The Problem with the 4% Rule

December 21, 2020

When people invest - and they focus on eye-popping returns- they forget a very simple fact:

Ultimately - at some point - you will need money for the day when you are no longer working. 

The correct question is: 

How much do you NEED  - for 20, 25, 30 years or more - in retirement?

That’s a much trickier question than how to Make 1,000% gain with THIS stock. 

So … One way that people answer this question is with something called the 4% rule. 

Which means  - in year one of your retirement, you withdraw 4% of the balance - and from then on, as the portfolio value changes, due to growth, withdrawals and inflation - you continue along with that 4% level of withdrawal.

Sounds reasonable, right? 


There are possibly some issues with that - BUT: The bigger point is: You HAVE to know how much you can withdraw every year. You can’t guess.

So what factors go into this?

  • Accounting for growth, 
  • for inflation
  •  and to have a portfolio that’s aligned to your time horizon and risk tolerance in the first place. Not some willy nilly collection of STUFF that you like because “it’s done well!” 

And I know the thought process here: It’s doing well, so I’ll keep it and when it stops doing well I’ll sell!

Well, that sounds easy doesn’t it? But it’s like all those things that sound easy - if it were, everybody would do it - bada bing, bada boom, and nobody would EVER lose money in the market or own a poor performing investment. 

So that’s where it’s so important to have a plan, and where the 4% rule comes in. 

But here’s a problem with just saying, “I’ll withdraw 4%.”

For starters, that assumes that a portfolio is properly allocated to accommodate for a client’s risk tolerance, time horizons and goals. But, as I just mentioned, the overwhelming majority of portfolios are just a bunch of stuff all cobbled together - for a lot of reasons- but there’s no purposeful strategy behind it.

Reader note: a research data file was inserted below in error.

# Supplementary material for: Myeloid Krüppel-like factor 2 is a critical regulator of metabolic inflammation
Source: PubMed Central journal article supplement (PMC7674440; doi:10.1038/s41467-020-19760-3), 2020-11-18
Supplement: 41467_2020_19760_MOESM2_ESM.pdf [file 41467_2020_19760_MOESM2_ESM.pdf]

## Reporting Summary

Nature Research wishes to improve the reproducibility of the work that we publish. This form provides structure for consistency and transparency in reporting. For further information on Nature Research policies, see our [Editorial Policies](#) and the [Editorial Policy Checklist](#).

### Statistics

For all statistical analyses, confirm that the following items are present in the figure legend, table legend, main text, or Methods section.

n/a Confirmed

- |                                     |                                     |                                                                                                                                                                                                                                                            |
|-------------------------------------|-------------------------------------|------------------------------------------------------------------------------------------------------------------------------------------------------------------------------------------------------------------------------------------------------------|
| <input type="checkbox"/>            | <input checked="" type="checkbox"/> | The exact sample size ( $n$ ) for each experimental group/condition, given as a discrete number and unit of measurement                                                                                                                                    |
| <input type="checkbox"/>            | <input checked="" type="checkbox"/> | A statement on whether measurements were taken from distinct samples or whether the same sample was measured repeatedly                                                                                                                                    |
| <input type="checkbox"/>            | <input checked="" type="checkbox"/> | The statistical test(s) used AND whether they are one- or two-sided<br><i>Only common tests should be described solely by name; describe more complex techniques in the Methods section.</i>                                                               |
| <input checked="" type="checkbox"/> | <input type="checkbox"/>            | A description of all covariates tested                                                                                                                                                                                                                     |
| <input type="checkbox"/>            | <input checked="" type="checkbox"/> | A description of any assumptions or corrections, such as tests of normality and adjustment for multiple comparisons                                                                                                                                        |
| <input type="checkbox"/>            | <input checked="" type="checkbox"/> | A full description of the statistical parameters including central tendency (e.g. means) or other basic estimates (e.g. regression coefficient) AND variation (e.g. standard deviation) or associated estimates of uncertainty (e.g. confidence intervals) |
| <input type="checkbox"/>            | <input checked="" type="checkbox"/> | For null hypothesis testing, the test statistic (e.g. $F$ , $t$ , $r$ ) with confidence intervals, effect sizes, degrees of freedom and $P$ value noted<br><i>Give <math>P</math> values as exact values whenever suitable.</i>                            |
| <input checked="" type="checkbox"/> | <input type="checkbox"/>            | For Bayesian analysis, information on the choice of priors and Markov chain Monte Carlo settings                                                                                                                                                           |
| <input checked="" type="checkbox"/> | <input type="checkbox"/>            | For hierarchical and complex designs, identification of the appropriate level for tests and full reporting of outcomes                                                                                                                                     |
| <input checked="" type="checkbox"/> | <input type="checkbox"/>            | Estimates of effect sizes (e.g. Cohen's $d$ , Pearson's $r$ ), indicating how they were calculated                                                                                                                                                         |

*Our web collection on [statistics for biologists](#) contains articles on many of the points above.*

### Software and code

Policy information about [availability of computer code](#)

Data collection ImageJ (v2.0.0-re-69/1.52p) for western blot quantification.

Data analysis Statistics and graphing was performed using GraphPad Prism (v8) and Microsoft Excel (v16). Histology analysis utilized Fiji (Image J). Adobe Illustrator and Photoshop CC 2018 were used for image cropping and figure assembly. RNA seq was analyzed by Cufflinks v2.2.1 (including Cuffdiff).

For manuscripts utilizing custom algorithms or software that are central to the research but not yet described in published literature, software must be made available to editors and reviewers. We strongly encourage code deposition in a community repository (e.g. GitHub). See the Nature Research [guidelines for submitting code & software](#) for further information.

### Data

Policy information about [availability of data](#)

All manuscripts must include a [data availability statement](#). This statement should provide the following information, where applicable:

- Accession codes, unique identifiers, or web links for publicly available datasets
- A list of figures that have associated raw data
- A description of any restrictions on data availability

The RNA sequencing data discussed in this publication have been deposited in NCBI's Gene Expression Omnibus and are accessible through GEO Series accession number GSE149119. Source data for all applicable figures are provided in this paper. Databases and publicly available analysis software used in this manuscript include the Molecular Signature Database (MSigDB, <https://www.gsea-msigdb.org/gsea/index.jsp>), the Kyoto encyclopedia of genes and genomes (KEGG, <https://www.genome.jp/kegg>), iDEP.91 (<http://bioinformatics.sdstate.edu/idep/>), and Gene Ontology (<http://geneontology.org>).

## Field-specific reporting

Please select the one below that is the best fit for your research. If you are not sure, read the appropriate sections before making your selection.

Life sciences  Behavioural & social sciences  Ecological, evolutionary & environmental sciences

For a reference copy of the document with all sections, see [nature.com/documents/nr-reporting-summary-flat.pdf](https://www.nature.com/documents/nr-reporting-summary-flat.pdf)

In addition, you have to be cautious about today’s situation, with interest rates being kept near zero through 2023 - that means the yield from your bonds will be lower - Falling interest interest rates make bond prices rise and bond yields fall.

That DOES affect the income your portfolio generates.

You might not remember, but there WAS a time, way back in the past, when bonds were considered SAFE! There was the so-called “widows and orphans” portfolio - which consisted of bonds, and was designed to be low risk.

Today, and for a long time, the risk of bonds has been that you will NOT keep up with inflation and will not generate the return you need for retirement. 

So all of this relates back to simply withdrawing 4% every year.

You cannot just throw this into a spreadsheet and think you’ve done your job - this is a job for a REAL financial planner - and not just one who is really an insurance salesperson whose plan shows how you need to buy an annuity.

Another problem with the 4% rule is the reality of spending. 

I can’t tell you how many times a client has nodded in agreement when I’ve presented a financial plan with spending levels they can afford- all through retirement , but later - maybe weeks maybe months - I’ll hear that the client made a big financial decision that was nowhere in their plan. 

We could easily have run the numbers to get a better understanding, but clients - like everyone -else -  can exercise their freedom of choice! That includes freedom to make unwise financial decisions. 

Don’t be that person!!!! Find a fiduciary planner and work with them!!

Now, I totally understand: Legit spending needs pop up. Maybe you need a new roof or that shiny new Tesla sooner than you thought. Maybe you need to take some personal money and invest it into your business. Plenty of examples like that happen all the time, that could throw the 4% rule into disarray. 

So where does that leave you, if you are planning to retire soon, or are retired, and you want to understand how much you can spend, and how much you must have invested?

It keeps coming back to that plan, my friends! 

Start with a comprehensive financial plan that evaluates all aspects of your financial situation. That will give you a baseline of how much you will need, and how much risk you’ll need to take, to generate the necessary return. 

Should you incorporate the 4% rule? Maybe, but it shouldn’t be your default starting point.

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